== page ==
# “Quadly” numbers with just 4 factors

A positive integer with exactly four positive factors is called "quadly". Compute the least $n$ for which each of $n,n+1$ and $n+2$ is quadly. (ARML 2008)

My method of attacking this problem started by first noting that for each quadly number the prime factorisation must be of the form $pq$ ($p$ and $q$ are unique prime factors) or $m^3$ (where $m$ is prime). Then I also noted since the 3 numbers are consecutive, one of them must have a factor of 3 and atleast 1 of them must have a factor of 2. We start off by assuming that $n$ is even and so it is of the form $2q$. Then $n+2$ must also be even and be of the form $2p$. Subtracting the two equations we get $2p-2q=2 \implies p=q+1$. This means that $p$ and $q$ are consecutive and they're both primes. This only gives the possibility that $(p,q)=(3,2)$. Plugging this back in we get that the three numbers are $4,5,6$ but $4$ and $5$ are clearly not quadly. Hence we have a contradiction and so $n$ must be odd which means that $n+1$ must be even. We also know that one of the three integers is also a multiple of 3. From here I kind of brute-forced my way by finding prime multiples of 2, i.e. finding $2p$, where $p$ is an odd prime and checking $2p-1$ and $2p+1$ to see if they were quadly or not. Doing so I found that for $p=17$ yields the first solution of three consecutive quadly numbers which is $33,34,35$.

However, I'm looking for a more systematic approach which instead of using brute force for the rest of the problem, actually derives the answer mathematically. I'm sure there is a way to do but I can't think of one. Any help would be appreciated.

Restrictions for numbers a , a+1 and a+2 all having exactly 4 divisors :

$n^3+1=(n+1)(n^2-n+1)$

$n^3-1=(n-1)(n^2+n+1)$

If n is an odd prime, then n-1 and n+1 are even numbers and $n^2-n+1 \ge 2$, so neither $n^3-1$ nor $n^3+1$ can have exactly 4 divisors, if n>3. Since 27 and 8 are also not involved in a triple, the 3rd powers do not need to be considered.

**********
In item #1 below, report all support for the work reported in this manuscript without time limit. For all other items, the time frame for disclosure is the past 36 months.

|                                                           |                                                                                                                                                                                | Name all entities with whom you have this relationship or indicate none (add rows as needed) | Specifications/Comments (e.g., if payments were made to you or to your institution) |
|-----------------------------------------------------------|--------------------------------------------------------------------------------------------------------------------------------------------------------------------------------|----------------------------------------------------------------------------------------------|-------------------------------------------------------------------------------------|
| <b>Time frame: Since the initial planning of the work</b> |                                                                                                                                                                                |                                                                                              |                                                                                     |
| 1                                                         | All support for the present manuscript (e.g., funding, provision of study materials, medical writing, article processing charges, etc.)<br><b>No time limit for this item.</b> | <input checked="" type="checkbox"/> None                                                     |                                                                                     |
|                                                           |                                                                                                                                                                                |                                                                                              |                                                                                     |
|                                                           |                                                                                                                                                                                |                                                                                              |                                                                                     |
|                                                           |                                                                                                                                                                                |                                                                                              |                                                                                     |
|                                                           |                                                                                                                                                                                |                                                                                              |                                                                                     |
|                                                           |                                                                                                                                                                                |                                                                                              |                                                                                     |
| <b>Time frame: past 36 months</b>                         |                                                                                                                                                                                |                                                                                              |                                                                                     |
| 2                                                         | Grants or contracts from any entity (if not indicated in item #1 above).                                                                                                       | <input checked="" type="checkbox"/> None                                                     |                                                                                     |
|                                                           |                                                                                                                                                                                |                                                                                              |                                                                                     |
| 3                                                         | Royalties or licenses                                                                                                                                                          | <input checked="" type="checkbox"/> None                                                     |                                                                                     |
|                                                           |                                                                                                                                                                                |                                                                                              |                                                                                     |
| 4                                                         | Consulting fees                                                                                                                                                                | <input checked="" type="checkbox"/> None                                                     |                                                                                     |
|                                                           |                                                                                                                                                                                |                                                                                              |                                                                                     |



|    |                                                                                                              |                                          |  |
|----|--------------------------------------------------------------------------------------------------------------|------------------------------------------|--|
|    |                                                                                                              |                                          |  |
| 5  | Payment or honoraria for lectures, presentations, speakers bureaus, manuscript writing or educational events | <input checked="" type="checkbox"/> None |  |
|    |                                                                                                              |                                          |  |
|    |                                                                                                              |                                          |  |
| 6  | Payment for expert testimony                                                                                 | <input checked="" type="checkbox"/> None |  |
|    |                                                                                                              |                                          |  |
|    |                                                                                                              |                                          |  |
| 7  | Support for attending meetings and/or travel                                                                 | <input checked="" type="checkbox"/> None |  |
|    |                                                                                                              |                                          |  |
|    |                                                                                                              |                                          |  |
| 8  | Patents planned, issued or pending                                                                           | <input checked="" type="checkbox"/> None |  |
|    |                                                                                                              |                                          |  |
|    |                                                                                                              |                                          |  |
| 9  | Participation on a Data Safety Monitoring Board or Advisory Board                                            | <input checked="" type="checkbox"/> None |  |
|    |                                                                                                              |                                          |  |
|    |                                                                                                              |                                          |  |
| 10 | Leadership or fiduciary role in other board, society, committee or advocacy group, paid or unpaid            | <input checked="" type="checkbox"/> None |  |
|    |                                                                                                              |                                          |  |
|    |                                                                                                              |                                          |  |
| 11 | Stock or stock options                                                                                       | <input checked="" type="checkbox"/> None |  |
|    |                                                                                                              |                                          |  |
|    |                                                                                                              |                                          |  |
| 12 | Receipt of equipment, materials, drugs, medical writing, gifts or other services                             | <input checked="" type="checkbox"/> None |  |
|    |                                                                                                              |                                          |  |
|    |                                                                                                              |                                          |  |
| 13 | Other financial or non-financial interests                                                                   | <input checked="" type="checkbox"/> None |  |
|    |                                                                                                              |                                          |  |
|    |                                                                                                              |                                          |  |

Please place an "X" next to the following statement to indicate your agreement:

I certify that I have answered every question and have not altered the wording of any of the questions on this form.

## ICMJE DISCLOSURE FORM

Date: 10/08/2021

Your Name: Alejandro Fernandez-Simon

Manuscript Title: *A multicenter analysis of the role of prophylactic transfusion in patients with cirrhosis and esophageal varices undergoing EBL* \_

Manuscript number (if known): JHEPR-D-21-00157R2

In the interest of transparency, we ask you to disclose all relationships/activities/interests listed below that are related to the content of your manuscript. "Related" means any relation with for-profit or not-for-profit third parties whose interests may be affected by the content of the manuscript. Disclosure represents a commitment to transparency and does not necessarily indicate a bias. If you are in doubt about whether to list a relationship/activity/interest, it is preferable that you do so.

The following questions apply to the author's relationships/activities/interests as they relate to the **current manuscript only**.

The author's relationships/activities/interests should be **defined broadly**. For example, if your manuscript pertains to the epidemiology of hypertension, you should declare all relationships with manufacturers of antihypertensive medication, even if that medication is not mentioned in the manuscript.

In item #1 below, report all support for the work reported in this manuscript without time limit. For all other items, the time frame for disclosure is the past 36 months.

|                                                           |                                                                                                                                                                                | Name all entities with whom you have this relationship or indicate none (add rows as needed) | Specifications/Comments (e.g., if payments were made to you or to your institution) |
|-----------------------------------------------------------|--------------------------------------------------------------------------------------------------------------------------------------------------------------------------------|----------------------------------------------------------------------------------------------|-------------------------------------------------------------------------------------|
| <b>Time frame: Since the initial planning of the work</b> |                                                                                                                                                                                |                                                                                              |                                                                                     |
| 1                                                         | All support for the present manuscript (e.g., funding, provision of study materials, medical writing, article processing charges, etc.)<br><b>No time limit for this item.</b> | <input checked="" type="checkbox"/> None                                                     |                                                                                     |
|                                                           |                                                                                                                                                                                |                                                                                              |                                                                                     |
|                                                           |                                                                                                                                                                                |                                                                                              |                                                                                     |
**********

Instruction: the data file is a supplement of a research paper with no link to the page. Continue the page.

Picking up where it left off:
The remaining cases lead to the equation

$$3u - 2v = 1$$

or

$$3u - 2v = -1$$

where u and v are primes greater than 3.

The first equation has the solution

$$u=2n+1 , v = 3n+1$$

for some natural number n.

The second equation has the solution

$$u = 2n+1 , v = 3n + 2$$

for some natual number n.

Excluding the possibility of very small numbers ($<5$), as you mentioned, 3 consecutive numbers have at least 1 of them even. So it must be the format of $2p$, where $p$ is a prime. Since $4|2p-2, 2p+2$, the only possibility is $2p-1, 2p, 2p+1$.
During the search, you can also rule out the pair ($2p, 2p+1$) of safe primes.
As you said one of the numbers must be divisible by $2$ and one must be divisible by $3$. You argued that they have to be different. And you argued that $2$ cannot divide more than one of the numbers.
The third number has to be of the form $p^3$ or $pq$. The smallest values $p$ respectively $p,q$ can take are $5$ and $7$.
So the smallest possible value the third number can take is $5 \cdot 7$ as $5^3 >> 5 \cdot 7$. Thus the largest of the numbers has to be at least 35, you can start your search here.